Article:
August is Summer Reading Month in Daily Nutmeg, and Reginald Dwayne Betts is this week’s featured author. Please enjoy this excerpt from Betts’s poetry collection Felon (2019).

* * *

Essay on Reentry
for Nicholas Dawidoff

Of prison, no one tells you the time
will steal your memories—until there’s
nothing left but strip searches & the hole

& fights & hidden shanks & the spades games.

You come home & become a parade
of confessions that leave you drowning,
lost recounting the disappeared years.

You say fuck this world where background checks,
like your fingerprints, announce the crime.

Where so much of who you are betrays
guilt older than you: your pops, uncles,
a brother, two cousins, & enough
childhood friends for a game of throwback—

all learned absurdity from shackles.
But we wear the mask that grins and lies.
Why pretend these words don’t seize our breath?
Prisoner, inmate, felon, convict.

Nothing can be denied. Not the gun
that delivered you to that place where
you witnessed the images that won’t
let you go: Catfish learning to subtract,
his eyes a heroin-slurred mess;
Blue-Black doing backflips in state boots;
the D.C. kid that killed his cellmate.

Jesus. Barely older than you, he
had on one of the white undershirts
made by other men in prison, boxers, socks
that slouched, shackles gripping his shins.
Damn near naked. Life waiting.

Outside your cell, you could see them wheel
the dead man down the way. The pistol

you pressed against a stranger’s temple
gave you that early morning. & now,
boxes checked have become your North Star,
fillip, catalyst to despair. Death
by prison stretch. Tell me. What name for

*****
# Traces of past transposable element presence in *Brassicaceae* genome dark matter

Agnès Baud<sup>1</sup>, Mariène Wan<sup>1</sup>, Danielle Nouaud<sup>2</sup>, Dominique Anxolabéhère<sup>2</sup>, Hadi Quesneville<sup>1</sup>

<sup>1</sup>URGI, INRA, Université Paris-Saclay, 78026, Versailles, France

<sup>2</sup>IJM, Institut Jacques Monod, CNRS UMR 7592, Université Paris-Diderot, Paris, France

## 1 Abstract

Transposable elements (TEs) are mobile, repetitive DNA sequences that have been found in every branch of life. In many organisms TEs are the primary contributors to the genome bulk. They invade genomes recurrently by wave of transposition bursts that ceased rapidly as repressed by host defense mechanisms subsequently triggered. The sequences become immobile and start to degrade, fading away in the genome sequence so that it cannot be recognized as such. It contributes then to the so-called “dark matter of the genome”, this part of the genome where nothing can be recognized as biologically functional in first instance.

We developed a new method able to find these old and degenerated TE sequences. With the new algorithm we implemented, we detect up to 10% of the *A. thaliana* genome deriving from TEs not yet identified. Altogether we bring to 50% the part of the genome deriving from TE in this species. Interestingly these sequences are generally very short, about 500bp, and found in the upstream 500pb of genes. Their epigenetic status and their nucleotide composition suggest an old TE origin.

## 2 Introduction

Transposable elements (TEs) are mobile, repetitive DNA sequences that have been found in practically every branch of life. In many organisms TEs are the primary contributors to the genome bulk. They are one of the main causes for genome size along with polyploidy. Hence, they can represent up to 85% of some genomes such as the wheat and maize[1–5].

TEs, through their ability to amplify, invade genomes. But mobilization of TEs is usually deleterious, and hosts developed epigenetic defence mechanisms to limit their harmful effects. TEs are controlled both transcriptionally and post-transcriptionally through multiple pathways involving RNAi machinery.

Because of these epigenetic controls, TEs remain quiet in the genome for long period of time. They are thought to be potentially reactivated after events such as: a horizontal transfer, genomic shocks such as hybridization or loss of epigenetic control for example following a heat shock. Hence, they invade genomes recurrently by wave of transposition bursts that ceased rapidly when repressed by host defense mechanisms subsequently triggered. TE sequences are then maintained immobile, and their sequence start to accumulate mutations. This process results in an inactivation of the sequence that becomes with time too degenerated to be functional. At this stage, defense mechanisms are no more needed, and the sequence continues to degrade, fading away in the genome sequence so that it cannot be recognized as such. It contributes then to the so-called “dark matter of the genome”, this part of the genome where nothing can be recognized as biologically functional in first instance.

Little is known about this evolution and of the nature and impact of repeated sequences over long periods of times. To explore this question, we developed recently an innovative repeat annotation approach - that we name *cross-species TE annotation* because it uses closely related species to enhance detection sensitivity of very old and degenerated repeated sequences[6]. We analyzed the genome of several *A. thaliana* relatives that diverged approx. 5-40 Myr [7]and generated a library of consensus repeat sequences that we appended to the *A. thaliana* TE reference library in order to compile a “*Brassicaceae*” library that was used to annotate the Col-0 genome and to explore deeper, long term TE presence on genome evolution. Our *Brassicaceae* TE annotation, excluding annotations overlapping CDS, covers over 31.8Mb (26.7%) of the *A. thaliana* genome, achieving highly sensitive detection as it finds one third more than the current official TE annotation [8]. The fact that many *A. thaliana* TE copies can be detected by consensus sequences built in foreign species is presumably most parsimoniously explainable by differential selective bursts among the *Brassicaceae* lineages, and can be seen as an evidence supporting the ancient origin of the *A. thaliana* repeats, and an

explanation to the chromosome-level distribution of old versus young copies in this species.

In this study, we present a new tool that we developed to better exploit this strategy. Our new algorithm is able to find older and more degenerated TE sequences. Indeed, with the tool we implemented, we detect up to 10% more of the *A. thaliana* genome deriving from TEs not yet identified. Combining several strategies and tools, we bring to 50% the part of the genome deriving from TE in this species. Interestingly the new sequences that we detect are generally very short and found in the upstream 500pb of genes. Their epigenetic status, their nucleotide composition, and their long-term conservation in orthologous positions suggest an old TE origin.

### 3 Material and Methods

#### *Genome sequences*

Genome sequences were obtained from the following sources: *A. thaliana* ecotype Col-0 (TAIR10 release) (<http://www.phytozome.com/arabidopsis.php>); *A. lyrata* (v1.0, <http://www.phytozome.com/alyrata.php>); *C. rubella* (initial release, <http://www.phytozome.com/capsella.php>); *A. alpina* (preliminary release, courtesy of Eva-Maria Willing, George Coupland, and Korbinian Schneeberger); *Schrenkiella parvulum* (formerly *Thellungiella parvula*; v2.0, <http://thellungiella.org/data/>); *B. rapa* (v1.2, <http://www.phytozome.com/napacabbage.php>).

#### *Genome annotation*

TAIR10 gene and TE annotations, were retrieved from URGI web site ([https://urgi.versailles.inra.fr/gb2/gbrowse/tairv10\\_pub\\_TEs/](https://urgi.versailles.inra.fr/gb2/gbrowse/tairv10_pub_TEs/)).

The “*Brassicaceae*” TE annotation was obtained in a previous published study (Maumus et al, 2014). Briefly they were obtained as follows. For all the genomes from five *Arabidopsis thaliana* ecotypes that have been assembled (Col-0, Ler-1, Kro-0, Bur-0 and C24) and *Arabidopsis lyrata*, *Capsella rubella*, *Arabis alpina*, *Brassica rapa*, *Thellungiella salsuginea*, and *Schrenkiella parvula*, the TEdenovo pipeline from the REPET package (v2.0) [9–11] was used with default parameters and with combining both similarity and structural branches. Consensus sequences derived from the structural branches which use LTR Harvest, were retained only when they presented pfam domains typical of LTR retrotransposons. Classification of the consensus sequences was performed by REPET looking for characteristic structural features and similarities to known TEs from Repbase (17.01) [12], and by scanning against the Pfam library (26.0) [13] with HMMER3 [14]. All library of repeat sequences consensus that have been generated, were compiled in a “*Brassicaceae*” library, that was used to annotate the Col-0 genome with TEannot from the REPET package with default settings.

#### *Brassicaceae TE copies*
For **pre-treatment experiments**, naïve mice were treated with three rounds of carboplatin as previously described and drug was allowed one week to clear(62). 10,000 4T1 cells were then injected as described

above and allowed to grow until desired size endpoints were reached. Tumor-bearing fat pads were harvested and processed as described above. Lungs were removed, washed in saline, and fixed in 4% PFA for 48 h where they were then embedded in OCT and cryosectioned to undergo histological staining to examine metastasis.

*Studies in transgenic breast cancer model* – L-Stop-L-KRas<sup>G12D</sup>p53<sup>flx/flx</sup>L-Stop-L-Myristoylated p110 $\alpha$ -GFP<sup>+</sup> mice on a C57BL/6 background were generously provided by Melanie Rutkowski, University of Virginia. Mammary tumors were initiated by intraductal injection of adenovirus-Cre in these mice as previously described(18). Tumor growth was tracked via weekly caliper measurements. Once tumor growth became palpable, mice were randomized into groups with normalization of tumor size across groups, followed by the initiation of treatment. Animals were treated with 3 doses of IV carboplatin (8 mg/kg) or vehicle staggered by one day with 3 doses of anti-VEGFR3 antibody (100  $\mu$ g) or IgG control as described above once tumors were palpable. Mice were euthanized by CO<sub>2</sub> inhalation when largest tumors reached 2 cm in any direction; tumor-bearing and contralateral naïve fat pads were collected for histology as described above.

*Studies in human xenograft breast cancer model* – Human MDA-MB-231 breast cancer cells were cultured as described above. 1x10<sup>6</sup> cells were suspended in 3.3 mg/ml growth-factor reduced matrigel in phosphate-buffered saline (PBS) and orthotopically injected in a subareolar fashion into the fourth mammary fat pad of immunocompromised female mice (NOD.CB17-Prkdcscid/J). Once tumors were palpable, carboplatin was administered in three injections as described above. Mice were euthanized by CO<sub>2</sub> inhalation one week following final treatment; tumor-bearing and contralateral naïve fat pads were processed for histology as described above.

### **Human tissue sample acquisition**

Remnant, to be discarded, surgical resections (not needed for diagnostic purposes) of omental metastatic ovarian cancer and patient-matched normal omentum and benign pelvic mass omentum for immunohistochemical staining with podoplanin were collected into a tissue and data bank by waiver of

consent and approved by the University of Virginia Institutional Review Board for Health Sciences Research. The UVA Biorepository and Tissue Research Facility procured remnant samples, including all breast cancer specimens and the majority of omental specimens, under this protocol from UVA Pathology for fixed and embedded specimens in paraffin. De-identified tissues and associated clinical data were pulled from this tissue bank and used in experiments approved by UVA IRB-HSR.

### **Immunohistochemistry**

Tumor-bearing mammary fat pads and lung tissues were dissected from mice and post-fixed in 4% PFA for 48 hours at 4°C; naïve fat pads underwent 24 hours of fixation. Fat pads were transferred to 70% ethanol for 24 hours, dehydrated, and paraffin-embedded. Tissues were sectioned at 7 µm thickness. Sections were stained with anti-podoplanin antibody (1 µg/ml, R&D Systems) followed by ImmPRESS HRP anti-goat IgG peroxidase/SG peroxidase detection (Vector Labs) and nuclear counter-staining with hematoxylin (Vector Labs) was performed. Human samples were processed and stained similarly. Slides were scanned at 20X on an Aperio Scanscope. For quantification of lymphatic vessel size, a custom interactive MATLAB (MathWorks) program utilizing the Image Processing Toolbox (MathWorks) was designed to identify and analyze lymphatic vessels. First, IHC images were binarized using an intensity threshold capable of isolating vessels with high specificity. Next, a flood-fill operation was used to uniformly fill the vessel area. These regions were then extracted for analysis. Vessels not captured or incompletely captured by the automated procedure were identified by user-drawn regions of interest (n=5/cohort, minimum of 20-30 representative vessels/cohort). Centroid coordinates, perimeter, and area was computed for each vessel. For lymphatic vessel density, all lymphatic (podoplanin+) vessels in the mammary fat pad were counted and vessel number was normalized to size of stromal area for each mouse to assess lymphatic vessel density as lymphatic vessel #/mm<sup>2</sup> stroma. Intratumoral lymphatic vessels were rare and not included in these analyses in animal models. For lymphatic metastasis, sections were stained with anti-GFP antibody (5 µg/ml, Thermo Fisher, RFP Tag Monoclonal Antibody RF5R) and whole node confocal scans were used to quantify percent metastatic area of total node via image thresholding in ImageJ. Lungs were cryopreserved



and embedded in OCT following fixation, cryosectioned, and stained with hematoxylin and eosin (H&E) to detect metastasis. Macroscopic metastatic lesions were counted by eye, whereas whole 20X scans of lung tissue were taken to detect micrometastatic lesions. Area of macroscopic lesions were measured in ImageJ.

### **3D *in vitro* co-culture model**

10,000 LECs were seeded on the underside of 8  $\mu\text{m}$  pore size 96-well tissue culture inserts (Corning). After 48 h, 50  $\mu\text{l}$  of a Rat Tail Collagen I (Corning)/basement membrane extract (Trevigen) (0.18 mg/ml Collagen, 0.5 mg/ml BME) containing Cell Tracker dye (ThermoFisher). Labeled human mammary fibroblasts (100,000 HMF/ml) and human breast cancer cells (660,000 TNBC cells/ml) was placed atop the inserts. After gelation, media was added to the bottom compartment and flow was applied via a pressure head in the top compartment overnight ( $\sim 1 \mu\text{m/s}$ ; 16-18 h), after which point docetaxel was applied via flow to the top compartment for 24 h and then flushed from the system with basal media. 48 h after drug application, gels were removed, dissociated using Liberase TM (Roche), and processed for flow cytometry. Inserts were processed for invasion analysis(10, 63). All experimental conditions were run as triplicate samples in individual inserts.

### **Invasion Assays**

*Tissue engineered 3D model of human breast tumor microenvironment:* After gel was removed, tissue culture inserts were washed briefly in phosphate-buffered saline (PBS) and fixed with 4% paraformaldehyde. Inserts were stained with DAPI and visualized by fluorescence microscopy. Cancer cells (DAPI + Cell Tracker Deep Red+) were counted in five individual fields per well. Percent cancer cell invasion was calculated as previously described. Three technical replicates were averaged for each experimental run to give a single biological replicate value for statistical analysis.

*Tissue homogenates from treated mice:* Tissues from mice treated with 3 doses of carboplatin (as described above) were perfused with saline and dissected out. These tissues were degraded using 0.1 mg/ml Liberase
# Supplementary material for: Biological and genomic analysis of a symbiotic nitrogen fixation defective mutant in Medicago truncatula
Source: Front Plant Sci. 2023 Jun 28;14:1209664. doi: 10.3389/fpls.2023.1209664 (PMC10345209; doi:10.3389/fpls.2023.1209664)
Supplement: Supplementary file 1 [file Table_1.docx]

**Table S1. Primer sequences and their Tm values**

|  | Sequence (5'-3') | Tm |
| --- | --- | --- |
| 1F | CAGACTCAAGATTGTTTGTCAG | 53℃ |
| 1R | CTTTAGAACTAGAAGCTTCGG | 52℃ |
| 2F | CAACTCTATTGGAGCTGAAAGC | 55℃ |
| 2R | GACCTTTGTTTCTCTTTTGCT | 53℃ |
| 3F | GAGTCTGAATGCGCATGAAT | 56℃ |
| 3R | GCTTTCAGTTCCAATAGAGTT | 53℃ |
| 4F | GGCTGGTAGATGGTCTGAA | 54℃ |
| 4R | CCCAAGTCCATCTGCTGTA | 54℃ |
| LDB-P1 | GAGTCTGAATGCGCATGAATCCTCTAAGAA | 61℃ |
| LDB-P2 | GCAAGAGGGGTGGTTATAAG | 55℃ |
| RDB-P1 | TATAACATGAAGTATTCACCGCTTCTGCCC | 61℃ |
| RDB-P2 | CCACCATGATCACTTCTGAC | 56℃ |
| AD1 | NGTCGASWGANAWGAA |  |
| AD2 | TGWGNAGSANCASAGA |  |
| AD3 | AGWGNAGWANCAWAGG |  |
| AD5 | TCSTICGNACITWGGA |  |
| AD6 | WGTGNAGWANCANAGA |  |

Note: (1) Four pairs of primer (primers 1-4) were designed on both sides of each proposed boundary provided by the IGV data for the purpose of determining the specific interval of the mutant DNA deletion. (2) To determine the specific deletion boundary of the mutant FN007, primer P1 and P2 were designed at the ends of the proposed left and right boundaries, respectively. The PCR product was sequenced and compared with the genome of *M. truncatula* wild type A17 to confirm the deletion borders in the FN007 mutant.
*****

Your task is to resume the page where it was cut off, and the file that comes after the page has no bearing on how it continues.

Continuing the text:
this thing that haunts, this thing we become.


If I told her how often I thought
Of prison she would walk out
Of the door that’s led just as much
To madness as any home we
Desired, she would walk out & never
Return; my employers would call
Me a liar & fire me. My dreams are
Not all nightmares, but this history
Has turned my mind’s landscape into
A gadroon. I do not sing. Have lied
For so many months now that truth
Harbingers lost. Sleeping beside her
When a memory is holding me tight
As she did before the lies turned
Everything into a battle, I once
Gasped & lurched & tried to
Strangle the pillow she’d placed
Beneath my head. Imagining me
Explaining that to her, while still
Shivering like a panicked & broken
Man. I stopped believing in G-d
Long before then, but that night,
When outside there was no light
But darkness, I swore something
Of what inevitable is touched me.
My children slept with their light on.
I walked to their still-lit room. My
Son was asleep & his brother draped
Over his body as if he were the
Pillow. The way he loved his brother
Was everything my time in a cell denied
Me. If I told my woman that, she
Would want to know if I thought
I deserved all that lost. Her mother
Wonders why I won’t let it go & hold
On to the happiness in this life we
Have. But how do I explain that outside
On nights like this, is where I first
Learned just how violent I might be?
That, I think of prison because in all
These years I still can’t pronounce
The name of my victim.

* * *

by Reginald Dwayne Betts
W. W. Norton & Company, 2019
Where to buy: RJ Julia | Bookshop | Barnes & Noble

More Stories